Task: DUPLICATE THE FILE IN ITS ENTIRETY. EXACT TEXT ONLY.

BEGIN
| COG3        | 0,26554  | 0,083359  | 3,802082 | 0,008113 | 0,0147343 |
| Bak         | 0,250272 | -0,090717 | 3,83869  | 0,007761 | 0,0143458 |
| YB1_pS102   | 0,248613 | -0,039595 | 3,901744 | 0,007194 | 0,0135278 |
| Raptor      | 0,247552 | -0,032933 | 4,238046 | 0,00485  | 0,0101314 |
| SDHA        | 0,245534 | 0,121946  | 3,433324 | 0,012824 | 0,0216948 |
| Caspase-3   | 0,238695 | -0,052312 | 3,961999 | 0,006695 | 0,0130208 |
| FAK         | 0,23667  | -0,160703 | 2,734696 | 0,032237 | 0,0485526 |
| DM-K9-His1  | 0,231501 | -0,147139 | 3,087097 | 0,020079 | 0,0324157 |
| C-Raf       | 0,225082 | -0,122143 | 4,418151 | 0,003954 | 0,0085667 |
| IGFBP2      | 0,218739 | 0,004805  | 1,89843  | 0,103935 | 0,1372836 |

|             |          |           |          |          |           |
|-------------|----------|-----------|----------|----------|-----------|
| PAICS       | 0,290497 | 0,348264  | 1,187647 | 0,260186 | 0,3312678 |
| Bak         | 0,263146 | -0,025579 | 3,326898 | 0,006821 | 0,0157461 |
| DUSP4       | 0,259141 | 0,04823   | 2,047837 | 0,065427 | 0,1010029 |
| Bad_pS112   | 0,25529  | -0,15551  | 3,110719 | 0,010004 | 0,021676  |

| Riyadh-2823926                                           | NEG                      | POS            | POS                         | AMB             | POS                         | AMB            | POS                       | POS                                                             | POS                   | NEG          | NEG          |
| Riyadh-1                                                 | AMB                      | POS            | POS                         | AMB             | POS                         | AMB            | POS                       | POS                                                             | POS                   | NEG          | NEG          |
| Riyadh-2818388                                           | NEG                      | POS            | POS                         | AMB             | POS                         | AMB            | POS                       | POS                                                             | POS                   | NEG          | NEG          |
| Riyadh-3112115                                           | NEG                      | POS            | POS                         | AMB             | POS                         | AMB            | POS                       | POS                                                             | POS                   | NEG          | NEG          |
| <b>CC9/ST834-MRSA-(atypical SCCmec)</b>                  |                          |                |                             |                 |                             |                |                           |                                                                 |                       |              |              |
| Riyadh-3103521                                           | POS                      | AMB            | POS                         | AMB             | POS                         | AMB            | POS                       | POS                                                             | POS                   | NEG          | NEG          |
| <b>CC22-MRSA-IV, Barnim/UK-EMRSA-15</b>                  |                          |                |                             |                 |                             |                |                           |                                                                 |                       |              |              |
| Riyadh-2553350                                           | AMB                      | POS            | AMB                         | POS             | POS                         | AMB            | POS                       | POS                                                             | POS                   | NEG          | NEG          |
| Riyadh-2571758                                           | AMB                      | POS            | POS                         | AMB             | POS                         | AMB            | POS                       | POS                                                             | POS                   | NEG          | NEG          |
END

| COG3        | 0,26554  | 0,083359  | 3,802082 | 0,008113 | 0,0147343 |
| Bak         | 0,250272 | -0,090717 | 3,83869  | 0,007761 | 0,0143458 |
| YB1_pS102   | 0,248613 | -0,039595 | 3,901744 | 0,007194 | 0,0135278 |
| Raptor      | 0,247552 | -0,032933 | 4,238046 | 0,00485  | 0,0101314 |
| SDHA        | 0,245534 | 0,121946  | 3,433324 | 0,012824 | 0,0216948 |
| Caspase-3   | 0,238695 | -0,052312 | 3,961999 | 0,006695 | 0,0130208 |
| FAK         | 0,23667  | -0,160703 | 2,734696 | 0,032237 | 0,0485526 |
| DM-K9-His1  | 0,231501 | -0,147139 | 3,087097 | 0,020079 | 0,0324157 |
| C-Raf       | 0,225082 | -0,122143 | 4,418151 | 0,003954 | 0,0085667 |
| IGFBP2      | 0,218739 | 0,004805  | 1,89843  | 0,103935 | 0,1372836 |

|             |          |           |          |          |           |
|-------------|----------|-----------|----------|----------|-----------|
| PAICS       | 0,290497 | 0,348264  | 1,187647 | 0,260186 | 0,3312678 |
| Bak         | 0,263146 | -0,025579 | 3,326898 | 0,006821 | 0,0157461 |
| DUSP4       | 0,259141 | 0,04823   | 2,047837 | 0,065427 | 0,1010029 |
| Bad_pS112   | 0,25529  | -0,15551  | 3,110719 | 0,010004 | 0,021676  |

| Riyadh-2823926                                           | NEG                      | POS            | POS                         | AMB             | POS                         | AMB            | POS                       | POS                                                             | POS                   | NEG          | NEG          |
| Riyadh-1                                                 | AMB                      | POS            | POS                         | AMB             | POS                         | AMB            | POS                       | POS                                                             | POS                   | NEG          | NEG          |
| Riyadh-2818388                                           | NEG                      | POS            | POS                         | AMB             | POS                         | AMB            | POS                       | POS                                                             | POS                   | NEG          | NEG          |
| Riyadh-3112115                                           | NEG                      | POS            | POS                         | AMB             | POS                         | AMB            | POS                       | POS                                                             | POS                   | NEG          | NEG          |
| <b>CC9/ST834-MRSA-(atypical SCCmec)</b>                  |                          |                |                             |                 |                             |                |                           |                                                                 |                       |              |              |
| Riyadh-3103521                                           | POS                      | AMB            | POS                         | AMB             | POS                         | AMB            | POS                       | POS                                                             | POS                   | NEG          | NEG          |
| <b>CC22-MRSA-IV, Barnim/UK-EMRSA-15</b>                  |                          |                |                             |                 |                             |                |                           |                                                                 |                       |              |              |
| Riyadh-2553350                                           | AMB                      | POS            | AMB                         | POS             | POS                         | AMB            | POS                       | POS                                                             | POS                   | NEG          | NEG          |
| Riyadh-2571758                                           | AMB                      | POS            | POS                         | AMB             | POS                         | AMB            | POS                       | POS                                                             | POS                   | NEG          | NEG          |